25 March 2010

House of Anger? Please.

The original article.

My take below

Unfairly or not, the defining images of opposition to health care reform may end up being those rage-filled partisans with spittle on their lips. Whether the outbursts came from inside Congress — the "baby killer" shout of Rep. Randy Neugebauer, and his colleagues who cheered on hecklers — or outside, where protesters hurled vile names against elected representatives, they are powerful and lasting scenes of a democracy gasping for dignity.
Since the media will largely control the 'defining images', this likely will be true to a great extent. As an adjunct of the Democrat party, most of the media will happily replay the clips that make the oppostion look 'rage-filled' and buffoonish. Similarly rabid protestors of the Iraq war were potrayed as simply exercising their rights in what was obviously a righteous cause.

Most of these vignettes are isolated incidents — a few crazies going off in a vein-popping binge. But the Republican Party now has taken some of the worst elements of Tea Party anger and incorporated them into its own identity. They are ticked off, red-faced, frothing — and these are the men in suits.
The accounts I've read of people who've actually attended Tea Party events describe orderly, polite protests - nothing 'red-faced' or 'frothing' about it. I'm sure there are crazies who show up, as there are crazies on the other side who don't represent most of the left. The tea party's views are mostly libertarian and - from what I've read - they've avoided affiliating with any existing party. They're not happy with pretty much any of the current crop of legislators. Bush was no proponent of smaller, less-intrusive government.
Here's an interesting commentary on an article discussing the supposed threats to Democrat lawmakers.

... as the party of the hissy fit, Republicans are playing with fire.
And Democrats should know as that's more often their role. (Low hanging fruit. Couldn't resist)

On Monday morning, most Americans awoke with some relief that the epic battle was over. Then, they tried to figure out what health care overhaul would mean to them. They found out that insurance companies would no longer be allowed to drop people if they get sick. They saw that older children could stay on their insurance through age 26. And the elderly, the most consistent voting block, discovered that the new law would gradually end a prescription drug donut hole that causes many of them to cut their pills in half to get through a month.

Saul Alinsky wrote a book - Rules for Radicals. Rule number 12:  "pick the target, freeze it, personalize it, and polarize it."This administration seems fond of Saul and his rules. In this case the target is insurance companies. The first step to a single payer health system is to get rid of the insurance companies. If insurance companies are required to cover people with existing conditions then why would anyone buy insurance before they became sick? That goes against the whole theory of insurance. Would anyone expect their auto insurance to cover them for an accident they had before they obtained coverage? Doesn't that sound silly?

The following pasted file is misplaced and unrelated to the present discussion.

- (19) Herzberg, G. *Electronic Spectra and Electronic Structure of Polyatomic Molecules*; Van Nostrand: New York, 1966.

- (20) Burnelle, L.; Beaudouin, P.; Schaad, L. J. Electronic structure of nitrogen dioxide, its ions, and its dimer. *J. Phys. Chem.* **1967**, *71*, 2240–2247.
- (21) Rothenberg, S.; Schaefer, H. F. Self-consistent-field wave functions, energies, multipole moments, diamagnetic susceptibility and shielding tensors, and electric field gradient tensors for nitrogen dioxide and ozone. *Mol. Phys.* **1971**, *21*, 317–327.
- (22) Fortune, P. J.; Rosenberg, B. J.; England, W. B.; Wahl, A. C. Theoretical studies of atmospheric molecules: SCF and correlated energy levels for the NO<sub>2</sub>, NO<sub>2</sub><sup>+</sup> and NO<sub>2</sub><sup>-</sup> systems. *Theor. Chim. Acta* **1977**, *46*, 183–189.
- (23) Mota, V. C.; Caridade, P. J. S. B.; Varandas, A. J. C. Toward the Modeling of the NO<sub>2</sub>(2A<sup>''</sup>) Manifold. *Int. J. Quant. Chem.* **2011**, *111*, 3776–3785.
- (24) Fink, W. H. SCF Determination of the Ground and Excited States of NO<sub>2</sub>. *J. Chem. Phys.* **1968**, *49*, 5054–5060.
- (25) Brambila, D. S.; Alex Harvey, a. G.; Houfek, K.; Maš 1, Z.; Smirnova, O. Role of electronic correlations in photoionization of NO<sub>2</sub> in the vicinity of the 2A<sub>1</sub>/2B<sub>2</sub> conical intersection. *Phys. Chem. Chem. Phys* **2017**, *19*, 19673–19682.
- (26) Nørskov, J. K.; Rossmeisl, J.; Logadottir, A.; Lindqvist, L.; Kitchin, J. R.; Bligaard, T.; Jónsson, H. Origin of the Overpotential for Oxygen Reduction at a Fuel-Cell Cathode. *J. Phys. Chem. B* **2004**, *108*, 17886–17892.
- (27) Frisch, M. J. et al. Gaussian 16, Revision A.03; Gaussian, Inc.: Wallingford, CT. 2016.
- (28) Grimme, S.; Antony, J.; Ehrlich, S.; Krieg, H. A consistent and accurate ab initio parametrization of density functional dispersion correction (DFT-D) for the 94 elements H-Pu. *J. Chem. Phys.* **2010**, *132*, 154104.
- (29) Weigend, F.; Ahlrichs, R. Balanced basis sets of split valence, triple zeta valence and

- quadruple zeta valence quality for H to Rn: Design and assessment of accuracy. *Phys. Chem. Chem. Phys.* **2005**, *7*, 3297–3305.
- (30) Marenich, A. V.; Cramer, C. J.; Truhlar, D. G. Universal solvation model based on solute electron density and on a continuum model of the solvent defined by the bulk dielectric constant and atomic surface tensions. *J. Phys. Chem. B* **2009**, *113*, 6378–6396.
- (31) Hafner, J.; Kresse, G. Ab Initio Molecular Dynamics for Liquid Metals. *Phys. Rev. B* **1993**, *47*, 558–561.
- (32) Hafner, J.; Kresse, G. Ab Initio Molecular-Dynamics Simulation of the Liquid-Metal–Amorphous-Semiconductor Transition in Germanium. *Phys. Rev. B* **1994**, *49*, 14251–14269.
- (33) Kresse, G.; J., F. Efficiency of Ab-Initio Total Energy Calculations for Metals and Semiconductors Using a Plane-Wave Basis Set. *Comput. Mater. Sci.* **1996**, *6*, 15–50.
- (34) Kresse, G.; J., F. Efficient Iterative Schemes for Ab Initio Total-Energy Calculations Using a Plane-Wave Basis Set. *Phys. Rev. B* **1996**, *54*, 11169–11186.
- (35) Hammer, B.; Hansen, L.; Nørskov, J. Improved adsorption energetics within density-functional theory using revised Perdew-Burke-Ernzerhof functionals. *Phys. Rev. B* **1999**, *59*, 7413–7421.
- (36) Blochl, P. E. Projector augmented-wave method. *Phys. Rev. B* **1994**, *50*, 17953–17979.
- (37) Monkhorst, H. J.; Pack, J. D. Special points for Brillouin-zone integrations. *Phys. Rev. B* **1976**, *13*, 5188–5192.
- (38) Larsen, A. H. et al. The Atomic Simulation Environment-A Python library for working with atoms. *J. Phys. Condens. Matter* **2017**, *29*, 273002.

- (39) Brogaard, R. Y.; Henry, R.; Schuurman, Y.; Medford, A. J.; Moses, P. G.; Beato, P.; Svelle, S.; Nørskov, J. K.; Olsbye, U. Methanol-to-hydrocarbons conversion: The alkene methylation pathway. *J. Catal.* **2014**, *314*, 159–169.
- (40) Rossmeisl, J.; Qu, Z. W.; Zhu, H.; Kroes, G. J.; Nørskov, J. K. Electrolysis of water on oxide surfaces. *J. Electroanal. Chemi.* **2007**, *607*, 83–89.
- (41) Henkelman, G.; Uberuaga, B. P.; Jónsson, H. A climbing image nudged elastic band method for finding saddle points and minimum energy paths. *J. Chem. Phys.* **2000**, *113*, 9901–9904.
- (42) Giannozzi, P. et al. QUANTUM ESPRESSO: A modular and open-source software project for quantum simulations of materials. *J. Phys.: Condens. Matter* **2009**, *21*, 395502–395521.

No death panels. No socialized public option. No forcing people to change doctors or providers. And the most contentious part of the new law — requiring nearly everyone to get health coverage or pay a fine — does not kick in until 2014.

The fine will be pointless unless it is more than the cost of the insurance. I guess we'll see, but I'm guessing that won't be the case. And that 2014 date is interesting - that's when the requirements kick in, but the taxes start right away. That was the only way they could massage the numbers from the CBO to make it look like the plan isn't going to bankrupt the country.
But it's always better to be building something than destroying it.
That's just a silly statement.

Having welcomed Tea Party rage into their home, and vowing repeal, the Republicans have made a dangerous bargain. First, they are tying their fate to a fringe, one that includes a small faction of overt racists and unstable people. The Quinnipiac poll this week found only 13 percent of Americans say they are part of the Tea Party movement.
Again with a misportrayal of the Tea Party as being about rage. And here's one thought on the supposed racist faction of the Tea Party movement. There probably are racists among Tea Partiers but there are probably more in the Democrat party - or have we forgotten our President's long-time pastor Reverend Wright.
And let's not be too quick to dismiss that 13 percent who are 'part of the Tea Party movement'. Since this is a movement that's just about a year old, 13 percent doesn't seem too shabby. I'd consider it pretty impressive. I mean I'm not 'part of the Tea Party movement' but I feel a lot more affinity for them than either of the dominant parties.

It was the ancient Greeks who gave us a sense of what Republicans will be living with under this pact with rage. Many people are afraid of the dark, the saying goes. But the real tragedy is those who are afraid of the light.

Hmmm. A 'pact with rage' - really?
And I guess we'll see when and how brightly the light shines on the details of the new healthcare plan. Considering the administrations past aversion to transparency, I'm not expecting much.

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